The trick with the global site is to shed all nationality, with the obvious exception of language (English, whether we like it or not, is an essential badge of globalism). The one thing you must not do is to say you’re global and then not be. US companies have a struggle here because most of them use the dot com address for both the global and US sites. The two do not always sit easily together.
Two answers here. Be bold enough to create a separate US site – as 3M does, helped by its global gateway approach. Or remember that you have a global audience, and avoid too many US-specific references. It’s not that difficult to avoid a specific look, text or references, as long as you are aware of what is and is not nationally distinct. General Electric has got it right. It used to promote programmes made by its subsidiary NBC; then it stopped, presumably because it realised that 95 per cent of the potential audience for the (global) site could not view (US) television programmes.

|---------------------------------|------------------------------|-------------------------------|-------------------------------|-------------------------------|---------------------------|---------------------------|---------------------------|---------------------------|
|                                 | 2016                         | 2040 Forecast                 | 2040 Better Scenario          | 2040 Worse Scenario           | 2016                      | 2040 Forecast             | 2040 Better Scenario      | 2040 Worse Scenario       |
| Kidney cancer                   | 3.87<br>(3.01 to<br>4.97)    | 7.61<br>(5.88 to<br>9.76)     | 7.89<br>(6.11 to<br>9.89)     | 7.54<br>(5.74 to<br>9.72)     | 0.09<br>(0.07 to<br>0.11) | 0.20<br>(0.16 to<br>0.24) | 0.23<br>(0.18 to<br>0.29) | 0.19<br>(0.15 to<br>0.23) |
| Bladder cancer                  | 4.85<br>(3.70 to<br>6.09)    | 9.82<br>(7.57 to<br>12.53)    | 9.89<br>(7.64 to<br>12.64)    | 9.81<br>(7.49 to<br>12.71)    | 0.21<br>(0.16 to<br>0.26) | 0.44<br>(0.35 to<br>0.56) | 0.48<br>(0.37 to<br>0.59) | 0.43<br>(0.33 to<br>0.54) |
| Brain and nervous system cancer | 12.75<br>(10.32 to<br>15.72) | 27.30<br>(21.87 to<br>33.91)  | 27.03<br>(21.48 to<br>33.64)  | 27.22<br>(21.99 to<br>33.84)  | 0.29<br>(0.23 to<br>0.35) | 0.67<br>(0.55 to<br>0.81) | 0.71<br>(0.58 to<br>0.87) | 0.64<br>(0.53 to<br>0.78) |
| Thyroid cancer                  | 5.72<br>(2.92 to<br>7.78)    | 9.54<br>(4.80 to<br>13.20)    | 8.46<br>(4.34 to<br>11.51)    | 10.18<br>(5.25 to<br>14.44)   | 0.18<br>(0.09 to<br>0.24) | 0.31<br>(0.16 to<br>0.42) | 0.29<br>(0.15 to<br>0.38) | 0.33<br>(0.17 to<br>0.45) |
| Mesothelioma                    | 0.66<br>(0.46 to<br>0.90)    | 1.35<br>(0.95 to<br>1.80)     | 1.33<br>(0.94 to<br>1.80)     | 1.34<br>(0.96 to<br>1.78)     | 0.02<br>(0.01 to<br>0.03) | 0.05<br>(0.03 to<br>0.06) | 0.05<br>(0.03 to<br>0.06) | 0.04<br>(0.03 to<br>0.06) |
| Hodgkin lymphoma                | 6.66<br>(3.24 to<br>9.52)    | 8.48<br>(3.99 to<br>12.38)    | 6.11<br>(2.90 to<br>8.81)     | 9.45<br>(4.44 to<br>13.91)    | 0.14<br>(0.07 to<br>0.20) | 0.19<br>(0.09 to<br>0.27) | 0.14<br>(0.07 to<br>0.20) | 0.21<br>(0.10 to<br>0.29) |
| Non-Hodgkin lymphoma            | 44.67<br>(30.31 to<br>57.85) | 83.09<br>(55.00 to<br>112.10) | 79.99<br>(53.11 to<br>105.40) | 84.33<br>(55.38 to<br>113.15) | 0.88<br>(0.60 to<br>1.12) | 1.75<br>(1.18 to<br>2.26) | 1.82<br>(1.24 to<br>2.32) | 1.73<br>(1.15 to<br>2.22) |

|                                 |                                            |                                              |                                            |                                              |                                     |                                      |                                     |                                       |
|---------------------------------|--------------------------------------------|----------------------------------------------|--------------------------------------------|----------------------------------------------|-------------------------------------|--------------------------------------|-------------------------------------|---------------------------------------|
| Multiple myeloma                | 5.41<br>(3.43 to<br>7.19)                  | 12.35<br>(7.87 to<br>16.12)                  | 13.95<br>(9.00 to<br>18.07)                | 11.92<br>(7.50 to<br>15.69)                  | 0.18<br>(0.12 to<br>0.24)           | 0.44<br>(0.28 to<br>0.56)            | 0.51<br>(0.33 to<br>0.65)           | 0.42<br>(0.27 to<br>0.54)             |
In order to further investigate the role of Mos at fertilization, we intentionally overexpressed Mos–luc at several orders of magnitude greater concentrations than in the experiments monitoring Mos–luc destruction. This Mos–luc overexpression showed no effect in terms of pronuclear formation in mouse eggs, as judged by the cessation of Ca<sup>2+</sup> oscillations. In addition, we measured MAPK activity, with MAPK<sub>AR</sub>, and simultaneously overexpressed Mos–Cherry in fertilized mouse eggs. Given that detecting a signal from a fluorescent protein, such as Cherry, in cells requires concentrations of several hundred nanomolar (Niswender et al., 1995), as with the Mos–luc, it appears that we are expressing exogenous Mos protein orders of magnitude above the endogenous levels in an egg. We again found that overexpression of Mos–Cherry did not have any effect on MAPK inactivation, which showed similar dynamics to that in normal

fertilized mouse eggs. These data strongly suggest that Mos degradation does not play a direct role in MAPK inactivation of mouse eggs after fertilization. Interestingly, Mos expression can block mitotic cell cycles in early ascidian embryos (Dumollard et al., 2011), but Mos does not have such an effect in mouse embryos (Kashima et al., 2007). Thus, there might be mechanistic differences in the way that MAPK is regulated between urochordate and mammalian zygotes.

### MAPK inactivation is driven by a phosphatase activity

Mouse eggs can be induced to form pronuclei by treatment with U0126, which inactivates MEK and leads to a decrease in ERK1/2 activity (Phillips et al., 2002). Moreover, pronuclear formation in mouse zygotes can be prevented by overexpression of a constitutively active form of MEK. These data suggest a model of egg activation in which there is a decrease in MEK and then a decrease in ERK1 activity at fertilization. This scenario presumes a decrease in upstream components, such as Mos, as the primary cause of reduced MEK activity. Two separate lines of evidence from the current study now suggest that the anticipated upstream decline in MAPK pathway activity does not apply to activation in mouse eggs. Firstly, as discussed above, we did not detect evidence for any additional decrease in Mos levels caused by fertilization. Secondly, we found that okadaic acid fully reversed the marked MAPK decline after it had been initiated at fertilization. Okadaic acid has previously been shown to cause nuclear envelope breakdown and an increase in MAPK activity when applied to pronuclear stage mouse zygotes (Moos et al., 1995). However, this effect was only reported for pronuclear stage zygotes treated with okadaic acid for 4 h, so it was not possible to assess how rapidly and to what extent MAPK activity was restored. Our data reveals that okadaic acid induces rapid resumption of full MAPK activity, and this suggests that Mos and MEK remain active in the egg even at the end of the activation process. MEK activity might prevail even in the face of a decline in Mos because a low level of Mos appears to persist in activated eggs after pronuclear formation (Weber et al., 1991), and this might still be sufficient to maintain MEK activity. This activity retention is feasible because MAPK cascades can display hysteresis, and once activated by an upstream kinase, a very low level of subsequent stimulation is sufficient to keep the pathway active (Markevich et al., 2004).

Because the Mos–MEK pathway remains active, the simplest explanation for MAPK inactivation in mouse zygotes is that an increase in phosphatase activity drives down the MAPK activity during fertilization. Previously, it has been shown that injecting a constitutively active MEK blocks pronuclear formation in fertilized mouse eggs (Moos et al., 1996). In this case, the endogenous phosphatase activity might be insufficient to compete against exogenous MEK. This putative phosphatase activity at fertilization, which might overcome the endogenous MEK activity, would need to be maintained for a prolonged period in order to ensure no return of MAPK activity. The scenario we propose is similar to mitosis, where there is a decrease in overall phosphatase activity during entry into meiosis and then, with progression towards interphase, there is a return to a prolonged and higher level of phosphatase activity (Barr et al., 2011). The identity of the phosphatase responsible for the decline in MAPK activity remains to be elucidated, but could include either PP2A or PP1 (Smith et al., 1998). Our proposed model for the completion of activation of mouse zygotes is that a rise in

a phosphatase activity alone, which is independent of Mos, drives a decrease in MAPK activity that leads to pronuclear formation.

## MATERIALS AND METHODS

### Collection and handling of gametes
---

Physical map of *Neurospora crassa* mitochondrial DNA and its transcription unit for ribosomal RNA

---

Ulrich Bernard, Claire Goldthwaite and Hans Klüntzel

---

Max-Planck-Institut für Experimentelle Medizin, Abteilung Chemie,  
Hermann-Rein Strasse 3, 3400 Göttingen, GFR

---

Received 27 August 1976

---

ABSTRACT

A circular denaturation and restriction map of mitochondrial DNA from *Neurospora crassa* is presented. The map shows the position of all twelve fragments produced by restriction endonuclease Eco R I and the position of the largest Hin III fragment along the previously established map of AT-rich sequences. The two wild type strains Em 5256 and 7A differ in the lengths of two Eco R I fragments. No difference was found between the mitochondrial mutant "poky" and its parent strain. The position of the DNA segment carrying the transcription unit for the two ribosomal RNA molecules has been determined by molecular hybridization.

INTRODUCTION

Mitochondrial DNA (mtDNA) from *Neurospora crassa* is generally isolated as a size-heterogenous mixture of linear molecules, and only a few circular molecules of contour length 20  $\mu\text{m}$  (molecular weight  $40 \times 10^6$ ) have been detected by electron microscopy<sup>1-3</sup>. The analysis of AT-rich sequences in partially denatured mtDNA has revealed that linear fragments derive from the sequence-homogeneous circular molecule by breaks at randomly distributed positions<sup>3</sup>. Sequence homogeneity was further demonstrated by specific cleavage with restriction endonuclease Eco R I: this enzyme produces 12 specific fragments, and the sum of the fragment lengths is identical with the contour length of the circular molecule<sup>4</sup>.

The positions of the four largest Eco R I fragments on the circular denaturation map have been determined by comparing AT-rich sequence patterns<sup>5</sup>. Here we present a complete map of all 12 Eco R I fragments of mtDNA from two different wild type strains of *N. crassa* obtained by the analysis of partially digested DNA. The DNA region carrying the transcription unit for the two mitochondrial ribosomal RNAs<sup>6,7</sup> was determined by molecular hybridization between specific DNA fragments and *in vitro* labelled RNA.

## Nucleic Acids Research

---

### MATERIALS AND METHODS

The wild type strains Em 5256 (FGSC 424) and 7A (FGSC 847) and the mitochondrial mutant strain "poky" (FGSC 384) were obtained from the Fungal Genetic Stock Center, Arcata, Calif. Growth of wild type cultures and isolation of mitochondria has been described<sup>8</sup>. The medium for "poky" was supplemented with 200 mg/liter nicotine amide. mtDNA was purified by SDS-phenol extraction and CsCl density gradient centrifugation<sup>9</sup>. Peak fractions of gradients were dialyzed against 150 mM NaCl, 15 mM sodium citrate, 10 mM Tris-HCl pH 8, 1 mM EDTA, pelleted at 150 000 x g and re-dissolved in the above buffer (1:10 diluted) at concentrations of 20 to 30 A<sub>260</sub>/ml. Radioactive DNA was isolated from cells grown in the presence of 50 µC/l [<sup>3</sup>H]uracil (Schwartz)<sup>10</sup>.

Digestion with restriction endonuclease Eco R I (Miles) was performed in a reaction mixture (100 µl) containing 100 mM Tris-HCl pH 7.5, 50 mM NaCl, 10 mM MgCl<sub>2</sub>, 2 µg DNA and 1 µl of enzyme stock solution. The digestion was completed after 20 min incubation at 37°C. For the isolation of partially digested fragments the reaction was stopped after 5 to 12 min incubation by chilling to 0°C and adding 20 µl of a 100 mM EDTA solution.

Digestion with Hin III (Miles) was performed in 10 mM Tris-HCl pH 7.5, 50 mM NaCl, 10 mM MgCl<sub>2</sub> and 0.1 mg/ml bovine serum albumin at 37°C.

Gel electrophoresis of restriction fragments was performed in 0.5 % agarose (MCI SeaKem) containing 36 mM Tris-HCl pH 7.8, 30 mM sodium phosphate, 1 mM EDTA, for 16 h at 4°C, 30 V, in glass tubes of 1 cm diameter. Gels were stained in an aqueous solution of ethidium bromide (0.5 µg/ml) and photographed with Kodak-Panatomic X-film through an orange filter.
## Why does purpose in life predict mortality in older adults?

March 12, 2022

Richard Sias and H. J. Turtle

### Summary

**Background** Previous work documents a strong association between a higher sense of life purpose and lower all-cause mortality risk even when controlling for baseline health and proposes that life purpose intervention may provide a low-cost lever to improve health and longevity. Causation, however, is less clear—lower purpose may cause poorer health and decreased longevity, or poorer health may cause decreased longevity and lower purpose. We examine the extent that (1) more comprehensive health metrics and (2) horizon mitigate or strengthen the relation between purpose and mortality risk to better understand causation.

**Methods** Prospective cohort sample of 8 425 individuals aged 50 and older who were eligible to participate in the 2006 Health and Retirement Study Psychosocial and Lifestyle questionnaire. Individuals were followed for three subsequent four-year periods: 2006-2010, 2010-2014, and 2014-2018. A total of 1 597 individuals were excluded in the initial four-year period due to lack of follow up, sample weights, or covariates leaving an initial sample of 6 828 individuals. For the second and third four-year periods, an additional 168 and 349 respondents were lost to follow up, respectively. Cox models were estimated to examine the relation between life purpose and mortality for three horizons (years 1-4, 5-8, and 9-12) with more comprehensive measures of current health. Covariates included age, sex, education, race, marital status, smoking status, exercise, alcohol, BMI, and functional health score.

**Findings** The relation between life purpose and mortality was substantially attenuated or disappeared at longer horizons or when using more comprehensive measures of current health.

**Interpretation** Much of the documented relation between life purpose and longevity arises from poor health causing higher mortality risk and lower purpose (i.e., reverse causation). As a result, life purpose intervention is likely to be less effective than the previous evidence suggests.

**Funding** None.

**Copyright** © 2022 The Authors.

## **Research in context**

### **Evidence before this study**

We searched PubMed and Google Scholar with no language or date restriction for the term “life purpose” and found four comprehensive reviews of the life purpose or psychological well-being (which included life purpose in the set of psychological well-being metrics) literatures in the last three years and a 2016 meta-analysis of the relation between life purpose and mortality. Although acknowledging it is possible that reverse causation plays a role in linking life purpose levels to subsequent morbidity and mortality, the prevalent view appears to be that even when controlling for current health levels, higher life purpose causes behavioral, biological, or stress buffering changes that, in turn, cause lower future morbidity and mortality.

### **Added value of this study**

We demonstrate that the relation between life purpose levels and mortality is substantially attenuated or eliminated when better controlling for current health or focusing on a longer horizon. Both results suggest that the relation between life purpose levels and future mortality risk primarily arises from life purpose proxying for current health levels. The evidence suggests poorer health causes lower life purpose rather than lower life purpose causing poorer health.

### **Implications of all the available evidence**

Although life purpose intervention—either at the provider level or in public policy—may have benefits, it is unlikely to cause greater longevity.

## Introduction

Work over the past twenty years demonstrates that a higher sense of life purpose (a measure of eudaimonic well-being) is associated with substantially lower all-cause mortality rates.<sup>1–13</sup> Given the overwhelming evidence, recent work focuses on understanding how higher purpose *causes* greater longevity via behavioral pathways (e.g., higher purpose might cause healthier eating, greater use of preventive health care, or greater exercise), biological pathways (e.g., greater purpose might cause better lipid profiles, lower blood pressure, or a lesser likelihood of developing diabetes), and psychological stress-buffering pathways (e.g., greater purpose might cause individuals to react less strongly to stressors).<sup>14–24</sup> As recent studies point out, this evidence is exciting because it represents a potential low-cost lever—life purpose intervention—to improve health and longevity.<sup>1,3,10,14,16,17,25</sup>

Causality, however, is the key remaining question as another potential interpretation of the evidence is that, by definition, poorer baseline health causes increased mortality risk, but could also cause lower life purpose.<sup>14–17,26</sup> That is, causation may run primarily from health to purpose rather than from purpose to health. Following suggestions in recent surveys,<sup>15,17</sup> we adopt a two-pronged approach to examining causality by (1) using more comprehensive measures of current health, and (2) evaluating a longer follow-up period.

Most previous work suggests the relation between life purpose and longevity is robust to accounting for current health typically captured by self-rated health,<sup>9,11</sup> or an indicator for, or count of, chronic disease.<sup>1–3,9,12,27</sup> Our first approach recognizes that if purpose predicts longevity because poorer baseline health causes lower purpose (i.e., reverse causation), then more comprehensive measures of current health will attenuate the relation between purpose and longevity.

The danger of isolationalism
But the other general, General Motors (GM), has not got the hang of it. Its home page has a small menu leading to country sites, but is otherwise relentlessly US-focused. Of course, GM is now retreating to its homeland, selling the European operations it has owned for 90 years. But there’s nothing new about the home page approach. GM.com is about Chevrolet, Cadillac and Buick, not Opel or Vauxhall.
I suspect it’s also about the attitude in Detroit. In fact, switching to that other window on the world, Twitter, I’d say I know it is. On 10 September, GM announced it was selling its European operations. Its social media manager, Chris Barger, did not mention this in any of his posts – his headline that day was that he was taking his son to the Phantom of the Opera at the Detroit Opera House.
Fair enough, given that he is in America and that Twitterers must by law tell us about their private lives? Not really. First, Mr Barger lays claim to a global outlook, saying he is “telling the world about General Motors, one Tweet at a time”. Second, Europeans wanting to see what Detroit was saying about shedding an operation it has owned since the 1920s might feel a little aggrieved. Not appropriate, I’d say.
First published on 23 September, 2009